Also this week another far right Christian reportedly told an American Family Association leader that Satan is the reason that a growing number of practicing Christians are renouncing their homophobia. He told the AFA leader that Satan was deceiving people and that’s why there is less hatred toward gays and lesbians.

Now, I don’t believe in a literal Satan, because, you know, it’s the 21st century but if I did believe in Satan I don’t think I would try to give him credit for making people nicer, friendlier and more tolerant. But like the religious extremists Jesus was confronting in today’s gospel, contemporary extremists still can’t see all the good that is around them. They refuse to see that what makes love sacred isn’t the gender identities of the people in love. They refuse to see that not everyone who disagrees with them is a tool of malevolence, that not every opinion that differs from theirs is manufactured from a spooky factory in an unseen hell dimension.

Also this week, it was a busy week in Fundy Land, Franklin Graham said that God is going to punish America because of the growing acceptance of marriage equality and gay rights. Meanwhile, England and Wales just joined the growing number of nations that are upholding full equality for all citizens, gay and straight. But the son of Billy Graham thinks that the US, which has not gone as far as the UK yet, is going to be punished for trying to honor its pledge to concepts of liberty and justice for all.

I wouldn’t even bother arguing with Graham about it…if Graham’s version of God is the truth then that God is a petty tyrant and should be resisted at all costs as all tyrants should be. I would have no use for a deity that would deny me the joy of spending my life with the person I love most. And these messages of hate and shame and exclusion are being exported around the world, and in some places they are taking root and lives are being destroyed as a result. There is too much blindness when it comes to justice and equality and we need to be the healers helping more and more people experience a bit more light.

Isn’t it time that we simply stand united and say that people are more important that doctrine, that love trumps dogma, that justice, love and mutuality are signs of spiritual health, that bigotry is not holy and any god that cannot bless genuine love is simply not god enough! The hyper-religious types with their blinders on are who Jesus confronts in the gospel today.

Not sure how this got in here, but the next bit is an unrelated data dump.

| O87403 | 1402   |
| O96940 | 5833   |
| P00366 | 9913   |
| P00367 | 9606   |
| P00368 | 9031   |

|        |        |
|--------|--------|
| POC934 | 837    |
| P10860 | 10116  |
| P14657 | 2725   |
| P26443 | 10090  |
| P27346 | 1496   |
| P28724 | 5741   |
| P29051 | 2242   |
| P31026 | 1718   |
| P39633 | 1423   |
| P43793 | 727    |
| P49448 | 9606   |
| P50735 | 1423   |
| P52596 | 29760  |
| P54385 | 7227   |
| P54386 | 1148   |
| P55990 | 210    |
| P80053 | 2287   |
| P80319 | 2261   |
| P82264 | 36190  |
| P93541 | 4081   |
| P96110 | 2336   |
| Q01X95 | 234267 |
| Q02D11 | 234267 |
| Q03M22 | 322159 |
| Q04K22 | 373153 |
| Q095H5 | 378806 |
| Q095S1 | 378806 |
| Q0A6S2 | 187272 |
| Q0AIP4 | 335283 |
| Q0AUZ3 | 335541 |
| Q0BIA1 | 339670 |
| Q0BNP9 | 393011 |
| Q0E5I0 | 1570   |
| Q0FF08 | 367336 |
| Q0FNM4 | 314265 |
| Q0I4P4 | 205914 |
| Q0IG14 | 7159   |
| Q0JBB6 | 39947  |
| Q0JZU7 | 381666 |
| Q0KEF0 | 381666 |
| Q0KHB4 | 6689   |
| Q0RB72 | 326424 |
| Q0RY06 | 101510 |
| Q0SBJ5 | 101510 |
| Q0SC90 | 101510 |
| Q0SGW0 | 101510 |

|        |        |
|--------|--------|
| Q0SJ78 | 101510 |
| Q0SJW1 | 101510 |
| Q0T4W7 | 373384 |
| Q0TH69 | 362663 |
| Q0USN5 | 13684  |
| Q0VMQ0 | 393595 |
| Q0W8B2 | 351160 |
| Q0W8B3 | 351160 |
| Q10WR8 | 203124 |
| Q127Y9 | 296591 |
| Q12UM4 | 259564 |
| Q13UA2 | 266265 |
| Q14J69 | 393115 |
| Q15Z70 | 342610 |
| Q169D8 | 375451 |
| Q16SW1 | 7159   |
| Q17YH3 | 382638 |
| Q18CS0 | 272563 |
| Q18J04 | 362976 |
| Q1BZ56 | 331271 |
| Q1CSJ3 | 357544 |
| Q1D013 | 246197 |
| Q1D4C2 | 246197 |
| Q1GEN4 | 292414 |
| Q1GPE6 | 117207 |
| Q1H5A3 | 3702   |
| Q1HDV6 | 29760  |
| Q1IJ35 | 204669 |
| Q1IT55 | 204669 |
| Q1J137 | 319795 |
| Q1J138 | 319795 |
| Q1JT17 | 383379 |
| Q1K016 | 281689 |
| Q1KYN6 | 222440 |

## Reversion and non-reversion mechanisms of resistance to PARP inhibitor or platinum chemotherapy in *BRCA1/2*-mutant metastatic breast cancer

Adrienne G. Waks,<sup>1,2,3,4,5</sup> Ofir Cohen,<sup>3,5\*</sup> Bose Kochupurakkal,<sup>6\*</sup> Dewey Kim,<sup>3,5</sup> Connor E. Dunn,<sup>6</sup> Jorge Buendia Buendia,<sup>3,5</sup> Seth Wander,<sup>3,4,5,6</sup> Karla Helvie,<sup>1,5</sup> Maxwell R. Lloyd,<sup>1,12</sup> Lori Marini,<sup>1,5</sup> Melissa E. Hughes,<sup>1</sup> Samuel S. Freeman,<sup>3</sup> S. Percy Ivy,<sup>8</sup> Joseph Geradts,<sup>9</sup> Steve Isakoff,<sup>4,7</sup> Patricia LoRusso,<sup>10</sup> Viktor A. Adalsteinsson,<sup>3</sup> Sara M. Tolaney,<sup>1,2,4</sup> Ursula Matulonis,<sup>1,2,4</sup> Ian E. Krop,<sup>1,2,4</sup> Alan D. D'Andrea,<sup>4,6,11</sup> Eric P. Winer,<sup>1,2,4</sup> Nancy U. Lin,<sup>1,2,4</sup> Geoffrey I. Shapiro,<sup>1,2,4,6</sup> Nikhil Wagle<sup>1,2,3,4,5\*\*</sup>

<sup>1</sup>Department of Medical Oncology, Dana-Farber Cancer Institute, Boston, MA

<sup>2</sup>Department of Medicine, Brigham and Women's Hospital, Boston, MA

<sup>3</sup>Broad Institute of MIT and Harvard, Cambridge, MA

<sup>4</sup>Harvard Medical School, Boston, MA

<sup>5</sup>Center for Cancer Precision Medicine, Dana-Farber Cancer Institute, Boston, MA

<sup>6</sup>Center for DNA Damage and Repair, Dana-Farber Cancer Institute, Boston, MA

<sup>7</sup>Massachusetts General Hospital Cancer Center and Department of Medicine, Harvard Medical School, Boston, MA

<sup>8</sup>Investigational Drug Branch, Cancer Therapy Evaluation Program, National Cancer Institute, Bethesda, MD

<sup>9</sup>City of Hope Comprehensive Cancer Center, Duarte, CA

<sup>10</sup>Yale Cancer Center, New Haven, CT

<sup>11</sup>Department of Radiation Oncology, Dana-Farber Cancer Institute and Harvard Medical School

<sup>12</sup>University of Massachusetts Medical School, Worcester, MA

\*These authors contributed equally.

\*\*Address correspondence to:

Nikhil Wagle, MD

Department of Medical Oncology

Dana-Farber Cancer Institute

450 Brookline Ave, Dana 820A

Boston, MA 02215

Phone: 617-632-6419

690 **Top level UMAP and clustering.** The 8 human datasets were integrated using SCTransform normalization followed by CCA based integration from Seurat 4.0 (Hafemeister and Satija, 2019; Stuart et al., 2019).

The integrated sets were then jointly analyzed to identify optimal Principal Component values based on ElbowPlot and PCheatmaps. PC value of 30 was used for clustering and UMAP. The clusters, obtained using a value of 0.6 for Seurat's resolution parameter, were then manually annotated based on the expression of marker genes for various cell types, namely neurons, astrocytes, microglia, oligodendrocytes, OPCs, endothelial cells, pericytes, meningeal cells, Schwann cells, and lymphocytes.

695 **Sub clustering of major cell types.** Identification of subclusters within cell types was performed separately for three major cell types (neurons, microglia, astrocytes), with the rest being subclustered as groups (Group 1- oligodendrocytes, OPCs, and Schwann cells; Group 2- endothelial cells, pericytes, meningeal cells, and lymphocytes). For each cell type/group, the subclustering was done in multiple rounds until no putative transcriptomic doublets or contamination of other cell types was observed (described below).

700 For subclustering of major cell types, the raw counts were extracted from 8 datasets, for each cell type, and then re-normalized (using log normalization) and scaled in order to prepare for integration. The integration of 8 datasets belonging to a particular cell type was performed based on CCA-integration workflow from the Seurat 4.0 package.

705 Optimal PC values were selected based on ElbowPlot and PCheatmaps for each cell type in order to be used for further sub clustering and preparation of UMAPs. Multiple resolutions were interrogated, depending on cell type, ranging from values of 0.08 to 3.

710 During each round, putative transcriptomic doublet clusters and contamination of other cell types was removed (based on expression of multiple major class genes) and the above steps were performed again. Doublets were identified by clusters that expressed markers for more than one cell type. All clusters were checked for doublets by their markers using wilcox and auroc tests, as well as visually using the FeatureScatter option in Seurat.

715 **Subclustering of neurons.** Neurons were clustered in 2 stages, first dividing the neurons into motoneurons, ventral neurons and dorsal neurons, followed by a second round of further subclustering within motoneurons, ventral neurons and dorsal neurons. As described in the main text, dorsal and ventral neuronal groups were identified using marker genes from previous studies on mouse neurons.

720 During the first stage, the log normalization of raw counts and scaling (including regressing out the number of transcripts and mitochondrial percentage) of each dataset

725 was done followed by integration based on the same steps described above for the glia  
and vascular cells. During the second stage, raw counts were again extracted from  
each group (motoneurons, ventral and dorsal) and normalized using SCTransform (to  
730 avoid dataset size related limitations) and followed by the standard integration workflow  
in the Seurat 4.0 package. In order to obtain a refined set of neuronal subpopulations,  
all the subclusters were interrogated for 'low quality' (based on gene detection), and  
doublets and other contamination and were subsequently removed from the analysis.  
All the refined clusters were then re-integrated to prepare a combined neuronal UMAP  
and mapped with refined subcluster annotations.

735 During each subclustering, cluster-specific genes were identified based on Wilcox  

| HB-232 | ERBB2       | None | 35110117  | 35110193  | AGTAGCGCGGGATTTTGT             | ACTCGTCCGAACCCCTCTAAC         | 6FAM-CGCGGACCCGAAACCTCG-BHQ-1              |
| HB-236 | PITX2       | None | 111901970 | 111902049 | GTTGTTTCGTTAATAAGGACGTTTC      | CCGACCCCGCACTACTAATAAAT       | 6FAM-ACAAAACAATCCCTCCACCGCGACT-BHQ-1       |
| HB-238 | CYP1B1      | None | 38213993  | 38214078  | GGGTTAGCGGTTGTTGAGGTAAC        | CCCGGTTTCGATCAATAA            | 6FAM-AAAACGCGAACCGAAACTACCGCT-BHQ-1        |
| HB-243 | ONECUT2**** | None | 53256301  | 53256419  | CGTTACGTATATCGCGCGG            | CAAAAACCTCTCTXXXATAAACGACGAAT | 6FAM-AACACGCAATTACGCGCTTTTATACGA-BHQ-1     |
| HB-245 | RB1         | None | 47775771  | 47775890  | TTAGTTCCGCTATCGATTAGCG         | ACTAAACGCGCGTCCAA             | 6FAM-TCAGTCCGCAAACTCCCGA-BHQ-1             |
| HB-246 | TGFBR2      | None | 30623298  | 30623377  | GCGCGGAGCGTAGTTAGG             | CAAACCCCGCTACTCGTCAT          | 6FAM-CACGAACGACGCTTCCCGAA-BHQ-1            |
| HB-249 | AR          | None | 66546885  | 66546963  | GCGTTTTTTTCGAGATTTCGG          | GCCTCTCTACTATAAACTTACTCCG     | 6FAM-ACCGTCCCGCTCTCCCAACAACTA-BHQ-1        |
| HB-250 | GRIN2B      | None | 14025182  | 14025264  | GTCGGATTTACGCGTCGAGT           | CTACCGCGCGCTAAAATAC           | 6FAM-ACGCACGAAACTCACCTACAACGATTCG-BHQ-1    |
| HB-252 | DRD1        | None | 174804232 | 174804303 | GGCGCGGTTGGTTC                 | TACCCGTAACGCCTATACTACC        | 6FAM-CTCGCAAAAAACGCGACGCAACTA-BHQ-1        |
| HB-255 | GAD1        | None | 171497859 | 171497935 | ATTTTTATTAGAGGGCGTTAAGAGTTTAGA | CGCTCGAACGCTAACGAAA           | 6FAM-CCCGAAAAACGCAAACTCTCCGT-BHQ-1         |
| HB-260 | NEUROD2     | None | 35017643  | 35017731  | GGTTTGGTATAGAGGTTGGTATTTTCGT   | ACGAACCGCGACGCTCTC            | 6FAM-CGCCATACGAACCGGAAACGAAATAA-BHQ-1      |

Who’s to blame? Why is the blind person the way he is? Has he chosen ignorance, or is he the victim of a dysfunctional family, an abusive church, a tyrannical political system. Who’s to blame for why the bigot, the hatemonger has turned out this way? Jesus says why bother assigning blame? This isn’t a time for blaming; this is a time for healing. Let’s not get bogged down in analysis paralysis, let’s offer a better vision and let more light in for anyone who is ready to lift those blinders.

And you know what? The healing message may seem counter intuitive. If you’ve heard your whole life that God created women as second class occupants of this planet, that children should be seen and not heard, that only our religious group has access to God, that same-gender love is somehow a demonic curse, and that human behavior rather than being about mutuality and integrity is simply meant to appease a deity with anger management issues, and if we fall short then that deity may unleash unimaginable suffering to force us into submission, if that’s the message that’s been drummed into you then your view of reality might be a little skewed.

To hear that love is divine, that hope is holy, that compassion is angelic, that life is meant to be enjoyed, that bodies are good and mutually shared genuine affection is never wrong…that might seem too odd to digest all at once. It might seem uncomfortable, even disgusting, like a salve made of dirt and spit rubbed in your eye, but it’s the odd, the unlikely, the new, the queer remedy that shakes loose the blinders and allows new vision of infinite possibilities to be embraced.

The gospel passage concludes today with Jesus saying, “Those who have made a great pretense of seeing will be exposed as blind.” The peddlers of blame and shame, guilt and guile are being exposed…not as bad people, but as people who have lived in the darkness of illusion, a world of fantasy, a realm of mischievous demons and angry deities, a landscape where love can be called sin and oppression can be called love…and that world just isn’t going to be good enough for a lot of people any more.

Spiritual work is about removing blinders. So let’s do all we can to let more light in, and the more the light shines, the more the insanity will be exposed, and the more it is exposed, the more people will choose to see the ways of hope and healing, joy and justice; and this is the good news. Amen.
© Durrell Watkins 2014

The light of love shines on my path.
The light of hope shines in my life.
The guiding light of life leads me to health and happiness.
I see and share the light!
Amen.

 

Water Works

On March 23, 2014, in Morning, Sermons, by Robert

Water Works Rev Dr Durrell Watkins – Lent 3 (2014) Moses and his fellow travelers are in a wilderness. To escape oppression they have fled to the wilderness, but the fear of being lost, the difficulty of finding food in a barren area, and the stress of having not quite enough water in a desert […]

Water Works
Rev Dr Durrell Watkins – Lent 3 (2014)